The whole of Durham Town and many from the surrounding countryside were in a state of great delight in the days after the wonderful night of praise at the cathedral. The serious Christian community were on tiptoe with expectation that things would begin to change in a gospel direction. Nowhere was that expectation more real than in the parish of St Margaret, where the idea for the evening had first been birthed in the rector’s mind and heart. The Household Community within the parish was primed to see an even greater growth of the renewal that had begun, and to do all it could to assist in that expansion. But the reality of human frailty, the ubiquity of sin, and the certain opposition of the enemy of our souls began to conspire against us all.
Looking back after nearly fifty years it is easy to see what might have helped us weather the storms that were coming, but at the time we were caught in the blindness of our joy and immaturity. We had no role models, no wise mentors, no seasoned leadership that had ever gone through such a time as we were experiencing. We were all searching the scriptures for guidance, of course, but we needed concrete assistance, and it soon came to pass that we were looking in two different directions.
Some were deeply enamored of the leadership coming from the Fisherfolk, and specifically from the Revd Graham Pulkingham, their leader. He had been the rector presiding over the renewal experienced by the Church of the Redeemer in Houston, TX, and he was having an initial impact in England that was quite strong. Given to a very directive style of oversight, he was able to exert considerable influence in the days and weeks after the cathedral experience. Some of the leadership were ready to look to him as – in effect – the spiritual overseer of the parish, and consequently to easily and generally accept his guidance. With very little seasoned maturity in discerning the Holy Spirit from other spirits, many were confusing Graham’s advice with the will of God.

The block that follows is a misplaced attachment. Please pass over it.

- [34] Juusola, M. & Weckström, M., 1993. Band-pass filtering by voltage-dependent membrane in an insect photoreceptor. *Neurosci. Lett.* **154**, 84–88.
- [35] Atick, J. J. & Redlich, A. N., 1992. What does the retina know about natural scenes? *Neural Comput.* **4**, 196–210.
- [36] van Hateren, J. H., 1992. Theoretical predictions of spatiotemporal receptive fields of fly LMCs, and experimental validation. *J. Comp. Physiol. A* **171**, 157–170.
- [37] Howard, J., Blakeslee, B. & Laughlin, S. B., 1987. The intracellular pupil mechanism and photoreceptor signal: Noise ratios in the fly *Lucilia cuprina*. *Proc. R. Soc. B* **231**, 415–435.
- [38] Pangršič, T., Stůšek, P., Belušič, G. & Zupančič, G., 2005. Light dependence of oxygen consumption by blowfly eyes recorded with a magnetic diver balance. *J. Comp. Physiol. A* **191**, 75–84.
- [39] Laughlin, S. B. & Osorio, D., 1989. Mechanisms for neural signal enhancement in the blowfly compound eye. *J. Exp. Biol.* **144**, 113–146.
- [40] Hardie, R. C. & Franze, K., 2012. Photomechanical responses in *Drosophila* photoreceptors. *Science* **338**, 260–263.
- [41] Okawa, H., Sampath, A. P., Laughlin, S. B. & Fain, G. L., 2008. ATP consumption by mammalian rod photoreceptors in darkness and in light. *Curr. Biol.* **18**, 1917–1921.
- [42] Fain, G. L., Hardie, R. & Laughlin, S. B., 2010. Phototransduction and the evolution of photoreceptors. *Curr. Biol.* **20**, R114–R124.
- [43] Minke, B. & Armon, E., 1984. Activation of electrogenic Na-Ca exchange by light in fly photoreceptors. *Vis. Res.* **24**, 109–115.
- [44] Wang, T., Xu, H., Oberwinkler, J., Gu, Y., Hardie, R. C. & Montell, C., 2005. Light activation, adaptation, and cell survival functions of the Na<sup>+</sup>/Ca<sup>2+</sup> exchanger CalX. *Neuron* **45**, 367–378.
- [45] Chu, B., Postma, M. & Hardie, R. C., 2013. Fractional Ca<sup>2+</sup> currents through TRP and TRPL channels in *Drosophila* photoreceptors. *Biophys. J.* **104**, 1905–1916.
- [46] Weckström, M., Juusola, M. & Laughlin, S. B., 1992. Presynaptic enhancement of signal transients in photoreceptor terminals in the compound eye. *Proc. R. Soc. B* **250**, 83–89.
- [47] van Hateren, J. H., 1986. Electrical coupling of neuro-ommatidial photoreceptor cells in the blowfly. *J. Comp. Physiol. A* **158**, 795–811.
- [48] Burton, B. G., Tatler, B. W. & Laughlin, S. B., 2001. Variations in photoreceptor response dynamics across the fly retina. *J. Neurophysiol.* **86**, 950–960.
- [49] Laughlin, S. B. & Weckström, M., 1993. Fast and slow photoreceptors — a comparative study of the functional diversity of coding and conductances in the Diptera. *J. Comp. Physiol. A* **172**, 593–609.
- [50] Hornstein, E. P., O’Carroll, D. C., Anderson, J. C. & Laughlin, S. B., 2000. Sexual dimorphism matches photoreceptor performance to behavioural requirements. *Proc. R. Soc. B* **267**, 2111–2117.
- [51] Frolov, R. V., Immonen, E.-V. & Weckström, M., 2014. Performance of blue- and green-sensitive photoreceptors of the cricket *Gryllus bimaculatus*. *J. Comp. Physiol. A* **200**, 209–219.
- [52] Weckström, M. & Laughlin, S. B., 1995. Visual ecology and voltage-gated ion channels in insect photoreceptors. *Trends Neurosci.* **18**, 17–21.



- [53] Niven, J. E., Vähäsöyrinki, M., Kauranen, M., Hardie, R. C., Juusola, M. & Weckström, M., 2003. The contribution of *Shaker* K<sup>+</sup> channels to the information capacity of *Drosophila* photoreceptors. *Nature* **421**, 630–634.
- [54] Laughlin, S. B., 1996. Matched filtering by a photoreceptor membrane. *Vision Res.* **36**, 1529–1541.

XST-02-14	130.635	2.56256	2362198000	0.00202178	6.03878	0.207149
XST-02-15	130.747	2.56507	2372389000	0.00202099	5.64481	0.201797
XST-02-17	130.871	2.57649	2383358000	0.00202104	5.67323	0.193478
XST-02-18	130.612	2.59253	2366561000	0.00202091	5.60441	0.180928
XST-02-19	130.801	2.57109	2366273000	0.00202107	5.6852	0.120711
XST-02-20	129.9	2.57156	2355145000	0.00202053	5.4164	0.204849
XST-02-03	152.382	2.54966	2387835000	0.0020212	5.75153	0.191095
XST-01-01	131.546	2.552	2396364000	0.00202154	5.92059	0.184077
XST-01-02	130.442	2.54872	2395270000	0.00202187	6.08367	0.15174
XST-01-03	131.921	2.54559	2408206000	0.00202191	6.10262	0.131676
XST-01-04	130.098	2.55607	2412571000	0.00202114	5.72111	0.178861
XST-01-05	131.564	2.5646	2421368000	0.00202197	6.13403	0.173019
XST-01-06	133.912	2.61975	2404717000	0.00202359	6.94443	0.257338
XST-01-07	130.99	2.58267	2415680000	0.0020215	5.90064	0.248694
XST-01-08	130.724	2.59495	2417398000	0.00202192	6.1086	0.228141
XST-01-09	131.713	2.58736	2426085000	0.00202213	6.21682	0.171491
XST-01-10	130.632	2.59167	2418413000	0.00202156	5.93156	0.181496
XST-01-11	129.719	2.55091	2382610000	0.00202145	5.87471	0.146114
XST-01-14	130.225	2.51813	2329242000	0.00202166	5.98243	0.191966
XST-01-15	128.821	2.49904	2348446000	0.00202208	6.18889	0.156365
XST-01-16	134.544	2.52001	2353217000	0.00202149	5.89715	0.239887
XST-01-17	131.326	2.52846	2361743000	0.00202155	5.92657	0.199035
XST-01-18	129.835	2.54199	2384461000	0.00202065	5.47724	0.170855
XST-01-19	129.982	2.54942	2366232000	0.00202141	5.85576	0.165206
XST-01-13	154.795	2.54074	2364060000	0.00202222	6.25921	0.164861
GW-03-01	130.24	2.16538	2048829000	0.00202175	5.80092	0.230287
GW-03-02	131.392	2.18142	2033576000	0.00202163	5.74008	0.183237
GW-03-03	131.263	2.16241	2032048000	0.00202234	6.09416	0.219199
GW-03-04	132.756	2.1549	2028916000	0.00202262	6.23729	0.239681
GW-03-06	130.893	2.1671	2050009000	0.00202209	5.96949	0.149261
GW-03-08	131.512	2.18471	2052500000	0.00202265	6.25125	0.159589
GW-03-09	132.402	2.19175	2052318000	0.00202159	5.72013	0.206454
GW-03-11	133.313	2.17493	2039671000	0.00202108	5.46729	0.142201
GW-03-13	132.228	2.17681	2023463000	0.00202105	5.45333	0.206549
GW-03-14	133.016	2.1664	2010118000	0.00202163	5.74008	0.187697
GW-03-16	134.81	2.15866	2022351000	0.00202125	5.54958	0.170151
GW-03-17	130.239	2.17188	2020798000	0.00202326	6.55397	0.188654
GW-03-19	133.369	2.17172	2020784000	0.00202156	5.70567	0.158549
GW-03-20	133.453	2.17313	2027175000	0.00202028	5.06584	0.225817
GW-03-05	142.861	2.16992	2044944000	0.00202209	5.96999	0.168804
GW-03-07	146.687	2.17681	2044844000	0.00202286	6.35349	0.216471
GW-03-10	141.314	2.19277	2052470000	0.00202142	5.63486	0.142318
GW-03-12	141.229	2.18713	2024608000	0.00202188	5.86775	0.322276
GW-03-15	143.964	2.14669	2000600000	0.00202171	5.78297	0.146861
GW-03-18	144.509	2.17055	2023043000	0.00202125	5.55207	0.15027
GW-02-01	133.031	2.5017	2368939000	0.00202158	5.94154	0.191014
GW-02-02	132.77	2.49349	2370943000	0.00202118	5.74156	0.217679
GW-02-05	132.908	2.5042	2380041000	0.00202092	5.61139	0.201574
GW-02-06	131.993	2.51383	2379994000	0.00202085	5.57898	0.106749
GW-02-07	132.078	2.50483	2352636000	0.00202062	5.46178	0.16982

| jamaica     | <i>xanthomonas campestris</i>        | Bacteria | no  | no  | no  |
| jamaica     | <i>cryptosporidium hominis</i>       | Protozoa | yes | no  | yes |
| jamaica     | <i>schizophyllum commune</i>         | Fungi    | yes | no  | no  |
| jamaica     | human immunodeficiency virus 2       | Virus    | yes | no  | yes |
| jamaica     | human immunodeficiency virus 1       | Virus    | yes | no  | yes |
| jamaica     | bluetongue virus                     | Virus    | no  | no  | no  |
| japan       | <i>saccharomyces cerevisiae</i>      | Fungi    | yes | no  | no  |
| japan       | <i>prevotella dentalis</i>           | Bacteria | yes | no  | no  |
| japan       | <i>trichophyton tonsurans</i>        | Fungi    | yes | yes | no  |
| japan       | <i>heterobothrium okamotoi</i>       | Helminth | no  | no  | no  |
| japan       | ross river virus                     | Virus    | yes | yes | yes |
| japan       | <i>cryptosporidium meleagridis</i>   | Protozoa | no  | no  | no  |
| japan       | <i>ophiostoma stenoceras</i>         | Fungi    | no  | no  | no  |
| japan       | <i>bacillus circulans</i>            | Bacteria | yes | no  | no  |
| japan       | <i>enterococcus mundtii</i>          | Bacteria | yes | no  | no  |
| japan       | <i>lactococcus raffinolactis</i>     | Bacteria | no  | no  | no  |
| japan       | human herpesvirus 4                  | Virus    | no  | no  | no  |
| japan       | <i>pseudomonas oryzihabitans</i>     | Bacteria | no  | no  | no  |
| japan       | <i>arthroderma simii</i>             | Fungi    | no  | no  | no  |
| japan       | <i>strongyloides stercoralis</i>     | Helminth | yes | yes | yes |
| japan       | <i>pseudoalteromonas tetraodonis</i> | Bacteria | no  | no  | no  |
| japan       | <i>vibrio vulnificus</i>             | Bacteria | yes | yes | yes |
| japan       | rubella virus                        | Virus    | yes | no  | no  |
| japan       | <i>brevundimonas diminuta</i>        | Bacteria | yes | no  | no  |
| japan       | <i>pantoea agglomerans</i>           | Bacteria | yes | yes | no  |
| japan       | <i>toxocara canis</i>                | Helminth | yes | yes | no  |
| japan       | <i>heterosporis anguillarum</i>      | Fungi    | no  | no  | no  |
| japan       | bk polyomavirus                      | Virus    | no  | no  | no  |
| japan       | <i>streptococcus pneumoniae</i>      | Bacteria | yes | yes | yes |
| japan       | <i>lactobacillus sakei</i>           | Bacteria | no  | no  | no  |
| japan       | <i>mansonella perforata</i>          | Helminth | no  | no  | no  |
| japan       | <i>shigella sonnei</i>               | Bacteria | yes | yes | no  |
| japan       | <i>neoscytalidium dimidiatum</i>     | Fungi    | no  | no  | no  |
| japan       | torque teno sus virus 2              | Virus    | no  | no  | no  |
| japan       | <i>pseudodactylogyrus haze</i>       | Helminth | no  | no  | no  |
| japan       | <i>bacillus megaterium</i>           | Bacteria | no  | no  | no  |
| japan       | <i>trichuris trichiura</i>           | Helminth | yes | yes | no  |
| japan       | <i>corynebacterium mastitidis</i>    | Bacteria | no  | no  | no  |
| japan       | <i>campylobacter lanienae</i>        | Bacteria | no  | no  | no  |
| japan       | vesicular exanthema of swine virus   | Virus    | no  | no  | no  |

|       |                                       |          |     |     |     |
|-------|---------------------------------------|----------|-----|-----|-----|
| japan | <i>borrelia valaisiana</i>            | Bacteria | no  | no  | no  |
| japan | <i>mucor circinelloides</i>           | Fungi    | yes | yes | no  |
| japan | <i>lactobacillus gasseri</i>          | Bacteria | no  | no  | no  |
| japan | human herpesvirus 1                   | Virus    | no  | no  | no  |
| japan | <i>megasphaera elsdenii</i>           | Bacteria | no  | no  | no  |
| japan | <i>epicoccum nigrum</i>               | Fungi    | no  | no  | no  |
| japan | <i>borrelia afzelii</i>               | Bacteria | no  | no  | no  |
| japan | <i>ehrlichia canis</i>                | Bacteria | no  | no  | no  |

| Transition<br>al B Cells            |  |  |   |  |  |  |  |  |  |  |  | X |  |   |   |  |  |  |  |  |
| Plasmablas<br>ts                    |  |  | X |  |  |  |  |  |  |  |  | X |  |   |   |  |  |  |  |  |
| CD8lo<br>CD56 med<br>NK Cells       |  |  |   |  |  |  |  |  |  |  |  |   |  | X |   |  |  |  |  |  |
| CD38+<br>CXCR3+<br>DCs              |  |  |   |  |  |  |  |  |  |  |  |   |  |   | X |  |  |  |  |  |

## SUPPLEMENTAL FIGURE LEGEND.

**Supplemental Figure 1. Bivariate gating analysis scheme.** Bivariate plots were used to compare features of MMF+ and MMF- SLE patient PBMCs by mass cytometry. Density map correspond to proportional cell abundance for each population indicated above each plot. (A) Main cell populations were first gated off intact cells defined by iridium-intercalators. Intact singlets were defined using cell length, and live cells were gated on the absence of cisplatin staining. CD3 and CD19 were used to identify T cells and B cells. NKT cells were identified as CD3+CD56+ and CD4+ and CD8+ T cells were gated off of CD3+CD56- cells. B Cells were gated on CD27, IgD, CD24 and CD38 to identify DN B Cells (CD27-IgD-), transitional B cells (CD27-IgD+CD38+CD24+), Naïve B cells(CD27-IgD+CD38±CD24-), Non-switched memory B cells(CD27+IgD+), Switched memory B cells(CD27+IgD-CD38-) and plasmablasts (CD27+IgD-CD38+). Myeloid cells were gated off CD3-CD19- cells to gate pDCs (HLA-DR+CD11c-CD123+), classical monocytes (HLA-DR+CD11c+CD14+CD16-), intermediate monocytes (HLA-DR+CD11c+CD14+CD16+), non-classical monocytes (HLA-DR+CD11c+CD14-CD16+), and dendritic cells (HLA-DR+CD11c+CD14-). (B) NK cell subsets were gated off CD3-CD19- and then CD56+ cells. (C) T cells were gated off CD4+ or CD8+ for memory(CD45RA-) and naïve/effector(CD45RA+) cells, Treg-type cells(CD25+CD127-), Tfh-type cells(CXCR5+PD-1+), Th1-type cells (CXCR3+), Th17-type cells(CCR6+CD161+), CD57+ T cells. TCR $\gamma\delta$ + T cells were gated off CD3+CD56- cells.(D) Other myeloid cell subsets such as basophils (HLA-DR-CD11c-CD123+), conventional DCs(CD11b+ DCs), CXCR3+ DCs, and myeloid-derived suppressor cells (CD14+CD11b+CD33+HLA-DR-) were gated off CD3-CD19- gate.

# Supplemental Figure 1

At the same time, others in leadership were increasingly looking to the Revd David Watson, then leading a vibrant church in York, for counsel and guidance. David was then probably the single most trusted leader in the renewal that was sweeping through the Church of England. A classically trained Evangelical, he brought a deep grasp of the Holy Scriptures to his ministry, and this generally balanced the various extremes that were surfacing in the wake of the renewal. Because so many of those coming into the unfolding revival in Durham had an Evangelical background, it was easy for them to see David’s way as the better one.
For many months the differences were not that clear, but slowly two factions were forming in the parish. The rector was seeking Graham Pulkingham’s counsel, and the Curate was seeking David Watson’s. Key leaders in the parish were thus looking to men with two different visions of where the life of the parish should go. For several years a unity of understanding had prevailed in the parish. Now vision disharmony began to be a regular discussion point, and soon spilled over into disagreement and distrust.
Next Week: The Unity of the Spirit?